For another, he argued, hereditary monarchies like France’s had an advantage in foreign relations that an American president wouldn’t: they profited from their dealings with other royal families and heads of state, which made diplomacy a personal matter for them. He explained: “The private interest of a family is always intimately connected with the interest of the state, and therefore state interests are never for a moment left to look after themselves.” He seemed to find that a good thing. (Tocqueville, it bears repeating, was an aristocrat, unused to checking his privilege.)

Tocqueville’s distinctions don’t hold up all that well lately, nor do Hamilton’s indignant assurances of presidential virtue. One of my students observed as much in his paper: “Our current president,” he wrote, “extends his vision of executive power far past either of theirs,” and “seems more in line with Tocqueville’s description of a monarch than of a president.”

Still, let’s avoid “intemperate” or “designing” persecution of these quotable early chroniclers of the American experiment, and accept that Hamilton and Tocqueville wrote in good faith. They were prognosticators, not fortune tellers; and there was no Google, no internet, and no PolitiFact, in 1788 or 1831, to set them straight. (Nor, it’s worth remembering, was there a Washington Post, or a New York Times yet, to track their pronouncements.)

But today—one day after Trump was acquitted by the Senate in a trial that allowed no witnesses or evidence, challenging Hamilton and Tocqueville’s assumptions—their high-minded words do not need revision, they need closer attention. The ideals of the 1780s and the 1830s are still current, still vital, in 2020, even if they’re couched in antiquated language that we must strain to enfold in our contemporary idiom. But this is something we are capable of doing, as anyone knows who has seen or listened to Hamilton, the hip-hop musical about Alexander Hamilton and the birth pangs of American democracy. That show opened on Broadway in 2015, two months after Donald Trump announced his candidacy for the presidency, and is still playing now, almost five years later.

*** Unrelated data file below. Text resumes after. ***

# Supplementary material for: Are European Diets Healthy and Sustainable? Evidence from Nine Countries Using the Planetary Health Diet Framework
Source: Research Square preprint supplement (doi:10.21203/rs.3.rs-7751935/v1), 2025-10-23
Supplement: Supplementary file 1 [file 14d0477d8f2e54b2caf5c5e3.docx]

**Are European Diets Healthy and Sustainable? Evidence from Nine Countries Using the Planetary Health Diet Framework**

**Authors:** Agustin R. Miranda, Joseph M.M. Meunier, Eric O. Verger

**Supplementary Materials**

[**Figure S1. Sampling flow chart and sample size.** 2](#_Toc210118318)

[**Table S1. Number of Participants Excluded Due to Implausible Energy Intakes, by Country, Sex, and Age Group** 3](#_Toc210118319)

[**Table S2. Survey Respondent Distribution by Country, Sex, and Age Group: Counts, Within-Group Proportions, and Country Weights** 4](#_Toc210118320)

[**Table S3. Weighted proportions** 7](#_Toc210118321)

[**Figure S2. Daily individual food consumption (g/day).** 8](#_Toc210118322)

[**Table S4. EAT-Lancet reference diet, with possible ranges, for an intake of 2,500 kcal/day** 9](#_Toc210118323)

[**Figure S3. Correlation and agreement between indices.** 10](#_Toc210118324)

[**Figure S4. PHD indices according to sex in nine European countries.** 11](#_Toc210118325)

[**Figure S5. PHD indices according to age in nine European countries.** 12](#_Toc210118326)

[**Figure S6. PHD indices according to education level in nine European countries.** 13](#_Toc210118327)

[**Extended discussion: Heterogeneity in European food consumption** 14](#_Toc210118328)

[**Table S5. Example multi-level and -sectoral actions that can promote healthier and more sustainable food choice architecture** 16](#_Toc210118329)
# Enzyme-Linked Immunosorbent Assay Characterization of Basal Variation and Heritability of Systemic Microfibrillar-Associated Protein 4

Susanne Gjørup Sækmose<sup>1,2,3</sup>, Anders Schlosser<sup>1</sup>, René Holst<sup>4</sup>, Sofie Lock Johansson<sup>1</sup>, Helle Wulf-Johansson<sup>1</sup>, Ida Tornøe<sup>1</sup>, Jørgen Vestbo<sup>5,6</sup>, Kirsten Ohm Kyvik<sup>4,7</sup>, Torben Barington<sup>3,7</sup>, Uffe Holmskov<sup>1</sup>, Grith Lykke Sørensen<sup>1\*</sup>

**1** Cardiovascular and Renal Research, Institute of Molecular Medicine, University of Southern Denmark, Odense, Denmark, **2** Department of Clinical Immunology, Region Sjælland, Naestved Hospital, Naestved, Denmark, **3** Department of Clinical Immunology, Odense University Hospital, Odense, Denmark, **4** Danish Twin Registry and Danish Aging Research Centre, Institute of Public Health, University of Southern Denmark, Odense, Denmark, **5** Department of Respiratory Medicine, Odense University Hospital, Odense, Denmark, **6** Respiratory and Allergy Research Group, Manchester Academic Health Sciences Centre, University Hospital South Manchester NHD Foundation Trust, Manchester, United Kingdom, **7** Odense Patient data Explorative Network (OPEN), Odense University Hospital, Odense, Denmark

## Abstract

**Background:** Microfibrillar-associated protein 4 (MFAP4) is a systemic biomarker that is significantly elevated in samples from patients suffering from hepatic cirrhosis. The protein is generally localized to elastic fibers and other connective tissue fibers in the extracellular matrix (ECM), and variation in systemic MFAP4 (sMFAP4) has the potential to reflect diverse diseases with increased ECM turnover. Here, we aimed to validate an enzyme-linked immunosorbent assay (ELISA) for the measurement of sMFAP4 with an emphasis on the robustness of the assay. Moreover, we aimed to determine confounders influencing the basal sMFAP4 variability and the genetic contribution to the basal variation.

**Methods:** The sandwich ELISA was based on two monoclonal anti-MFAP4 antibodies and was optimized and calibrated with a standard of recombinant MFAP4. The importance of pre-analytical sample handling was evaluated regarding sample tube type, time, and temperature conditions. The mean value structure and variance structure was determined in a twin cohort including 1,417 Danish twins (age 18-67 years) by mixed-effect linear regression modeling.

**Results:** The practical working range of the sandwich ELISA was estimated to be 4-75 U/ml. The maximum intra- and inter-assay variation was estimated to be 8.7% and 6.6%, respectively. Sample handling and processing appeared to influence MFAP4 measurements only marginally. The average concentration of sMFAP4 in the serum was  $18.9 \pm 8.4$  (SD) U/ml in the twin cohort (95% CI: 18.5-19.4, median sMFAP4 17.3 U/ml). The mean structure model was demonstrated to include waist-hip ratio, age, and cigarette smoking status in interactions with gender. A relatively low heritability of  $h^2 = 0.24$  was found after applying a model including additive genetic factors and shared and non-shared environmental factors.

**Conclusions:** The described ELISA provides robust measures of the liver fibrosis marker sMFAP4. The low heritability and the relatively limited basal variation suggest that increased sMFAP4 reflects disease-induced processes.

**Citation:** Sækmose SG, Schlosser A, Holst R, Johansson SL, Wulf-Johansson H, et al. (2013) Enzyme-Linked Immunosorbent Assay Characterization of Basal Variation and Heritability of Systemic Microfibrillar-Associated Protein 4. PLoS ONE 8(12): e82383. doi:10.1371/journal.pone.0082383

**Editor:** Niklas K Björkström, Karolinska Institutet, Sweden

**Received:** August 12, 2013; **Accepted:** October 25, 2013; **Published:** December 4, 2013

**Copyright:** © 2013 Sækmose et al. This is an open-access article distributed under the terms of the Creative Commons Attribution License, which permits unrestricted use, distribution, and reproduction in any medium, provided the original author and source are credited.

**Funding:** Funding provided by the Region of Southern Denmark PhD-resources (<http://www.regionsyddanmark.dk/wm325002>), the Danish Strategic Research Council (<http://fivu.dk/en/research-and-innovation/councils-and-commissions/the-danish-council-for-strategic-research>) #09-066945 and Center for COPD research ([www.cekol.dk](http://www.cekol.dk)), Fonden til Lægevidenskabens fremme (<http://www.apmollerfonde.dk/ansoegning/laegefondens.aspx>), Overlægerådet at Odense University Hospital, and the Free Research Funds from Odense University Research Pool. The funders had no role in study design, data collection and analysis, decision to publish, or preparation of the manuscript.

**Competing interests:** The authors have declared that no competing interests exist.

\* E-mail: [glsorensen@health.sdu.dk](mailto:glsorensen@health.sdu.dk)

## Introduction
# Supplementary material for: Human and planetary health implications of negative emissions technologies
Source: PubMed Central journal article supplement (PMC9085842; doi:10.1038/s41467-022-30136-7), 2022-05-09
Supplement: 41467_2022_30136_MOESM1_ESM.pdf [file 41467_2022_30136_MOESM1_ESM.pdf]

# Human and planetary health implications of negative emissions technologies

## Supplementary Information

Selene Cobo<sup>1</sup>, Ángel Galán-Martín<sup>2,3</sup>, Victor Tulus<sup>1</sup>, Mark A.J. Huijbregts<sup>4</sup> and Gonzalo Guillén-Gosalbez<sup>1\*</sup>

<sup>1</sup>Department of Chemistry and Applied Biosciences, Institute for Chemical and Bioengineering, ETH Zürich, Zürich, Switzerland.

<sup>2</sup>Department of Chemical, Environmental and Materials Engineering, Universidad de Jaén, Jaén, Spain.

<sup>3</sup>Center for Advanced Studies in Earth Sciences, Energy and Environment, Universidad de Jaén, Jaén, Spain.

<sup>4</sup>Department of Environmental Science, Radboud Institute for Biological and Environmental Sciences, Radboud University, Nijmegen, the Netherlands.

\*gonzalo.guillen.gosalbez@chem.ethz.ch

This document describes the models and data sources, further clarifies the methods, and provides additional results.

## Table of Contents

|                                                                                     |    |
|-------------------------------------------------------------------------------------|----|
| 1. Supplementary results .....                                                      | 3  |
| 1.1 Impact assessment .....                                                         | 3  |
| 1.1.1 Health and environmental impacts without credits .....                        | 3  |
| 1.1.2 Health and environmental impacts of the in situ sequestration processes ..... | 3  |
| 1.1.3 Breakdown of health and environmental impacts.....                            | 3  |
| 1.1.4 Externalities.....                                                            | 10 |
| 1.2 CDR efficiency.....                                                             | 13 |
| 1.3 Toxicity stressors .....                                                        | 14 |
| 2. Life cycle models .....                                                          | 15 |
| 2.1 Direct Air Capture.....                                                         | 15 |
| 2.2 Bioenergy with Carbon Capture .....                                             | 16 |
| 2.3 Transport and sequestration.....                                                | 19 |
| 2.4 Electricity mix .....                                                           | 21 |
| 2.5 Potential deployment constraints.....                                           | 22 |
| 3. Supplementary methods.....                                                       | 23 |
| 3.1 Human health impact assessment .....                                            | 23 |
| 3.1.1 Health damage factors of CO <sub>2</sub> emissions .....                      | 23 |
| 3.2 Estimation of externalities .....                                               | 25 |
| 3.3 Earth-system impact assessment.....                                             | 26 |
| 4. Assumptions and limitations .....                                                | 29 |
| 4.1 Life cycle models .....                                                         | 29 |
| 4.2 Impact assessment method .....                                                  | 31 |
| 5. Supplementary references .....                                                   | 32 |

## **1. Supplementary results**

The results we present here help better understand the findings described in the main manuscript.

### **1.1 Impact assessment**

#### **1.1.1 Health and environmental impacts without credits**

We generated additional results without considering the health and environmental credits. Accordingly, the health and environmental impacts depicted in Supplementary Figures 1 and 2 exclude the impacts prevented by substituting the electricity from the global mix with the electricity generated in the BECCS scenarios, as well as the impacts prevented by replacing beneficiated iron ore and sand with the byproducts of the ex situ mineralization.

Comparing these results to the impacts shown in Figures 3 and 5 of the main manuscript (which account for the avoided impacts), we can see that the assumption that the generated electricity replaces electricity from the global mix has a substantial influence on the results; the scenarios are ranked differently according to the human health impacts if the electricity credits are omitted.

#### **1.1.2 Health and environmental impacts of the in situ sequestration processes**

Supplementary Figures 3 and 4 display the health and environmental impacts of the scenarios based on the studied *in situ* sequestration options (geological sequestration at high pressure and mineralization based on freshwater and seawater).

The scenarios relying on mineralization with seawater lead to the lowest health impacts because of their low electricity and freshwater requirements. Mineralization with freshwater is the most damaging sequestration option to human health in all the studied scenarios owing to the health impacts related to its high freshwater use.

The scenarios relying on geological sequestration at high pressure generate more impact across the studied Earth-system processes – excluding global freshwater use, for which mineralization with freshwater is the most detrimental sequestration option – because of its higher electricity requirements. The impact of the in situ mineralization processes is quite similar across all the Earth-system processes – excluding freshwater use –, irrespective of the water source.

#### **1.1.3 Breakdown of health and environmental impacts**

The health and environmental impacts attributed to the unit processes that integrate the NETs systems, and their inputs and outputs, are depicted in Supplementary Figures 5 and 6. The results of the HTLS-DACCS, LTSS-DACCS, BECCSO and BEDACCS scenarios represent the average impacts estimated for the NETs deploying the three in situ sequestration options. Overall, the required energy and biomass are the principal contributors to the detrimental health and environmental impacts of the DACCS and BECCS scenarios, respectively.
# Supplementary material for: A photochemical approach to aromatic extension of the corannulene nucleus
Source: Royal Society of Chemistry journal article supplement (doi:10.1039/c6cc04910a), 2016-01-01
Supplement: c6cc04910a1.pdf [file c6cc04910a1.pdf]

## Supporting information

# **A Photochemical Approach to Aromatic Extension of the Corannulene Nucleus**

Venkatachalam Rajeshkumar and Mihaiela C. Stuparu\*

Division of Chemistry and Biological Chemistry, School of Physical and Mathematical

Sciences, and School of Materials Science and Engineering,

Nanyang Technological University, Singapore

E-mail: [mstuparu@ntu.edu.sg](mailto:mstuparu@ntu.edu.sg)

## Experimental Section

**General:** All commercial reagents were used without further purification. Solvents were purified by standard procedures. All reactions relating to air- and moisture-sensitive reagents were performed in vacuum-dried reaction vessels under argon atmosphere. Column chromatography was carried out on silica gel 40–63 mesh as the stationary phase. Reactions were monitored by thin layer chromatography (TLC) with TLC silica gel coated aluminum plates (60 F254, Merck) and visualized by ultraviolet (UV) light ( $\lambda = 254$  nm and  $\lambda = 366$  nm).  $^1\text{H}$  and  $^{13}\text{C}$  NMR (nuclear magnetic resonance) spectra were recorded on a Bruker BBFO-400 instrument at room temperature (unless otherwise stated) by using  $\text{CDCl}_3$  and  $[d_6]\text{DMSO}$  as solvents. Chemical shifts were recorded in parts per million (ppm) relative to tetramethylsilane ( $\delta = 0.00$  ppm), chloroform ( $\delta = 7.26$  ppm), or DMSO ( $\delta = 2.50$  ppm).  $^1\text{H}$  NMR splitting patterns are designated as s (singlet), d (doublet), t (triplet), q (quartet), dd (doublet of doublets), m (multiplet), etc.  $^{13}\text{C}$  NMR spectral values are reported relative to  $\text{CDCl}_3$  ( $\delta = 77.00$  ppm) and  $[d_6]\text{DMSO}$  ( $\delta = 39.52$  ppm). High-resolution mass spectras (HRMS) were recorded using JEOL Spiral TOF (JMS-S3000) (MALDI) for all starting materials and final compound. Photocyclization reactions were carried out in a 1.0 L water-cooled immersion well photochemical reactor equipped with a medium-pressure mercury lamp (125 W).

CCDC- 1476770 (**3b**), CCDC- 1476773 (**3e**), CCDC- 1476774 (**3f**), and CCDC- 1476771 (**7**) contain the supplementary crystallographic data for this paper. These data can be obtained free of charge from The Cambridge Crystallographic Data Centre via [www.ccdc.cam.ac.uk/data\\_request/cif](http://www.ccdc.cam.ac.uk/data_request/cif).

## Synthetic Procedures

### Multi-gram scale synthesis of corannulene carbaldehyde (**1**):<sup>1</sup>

On Broadway, Alexander Hamilton, in frock coat and knee-breeches, says something so simple that any kid in jeans, any congressman in a suit, can understand it. “Let me tell you what I wish I’d known,” he sings, as he prepares to revisit milestones in this country’s history: “You have no control.” The vision of this country, he explains, is carried forward not by those who created it, but by those who come after, who remember them. Joined by the voices of the chorus, he then asks a question that is charged with consequence, a question that echoes this week across the nation, not only onstage, but in the American classroom, Congress and conscience: “Who lives, who dies, who tells your story?”

Liesl Schillinger
Liesl Schillinger
Liesl Schillinger is a New York–based critic, translator, and educator. She grew up in Midwestern college towns, studied comparative literature at Yale, worked at The New Yorker for more than a decade and became a regular critic for The New York Times Book Review in 2004. Her articles and essays have appeared in The New Yorker, The New York Times, The Washington Post, The Atlantic, Foreign Policy, New York, Vogue, The London Independent on Sunday, The New Republic, and many other publications. Her recent translations include the novels Every Day, Every Hour, by Natasa Dragnic (Viking, 2012), The Lady of the Camellias, by Alexandre Dumas (Penguin Classics, 2013), and Free Day, by Inès Cagnati (New York Review Books, 2019).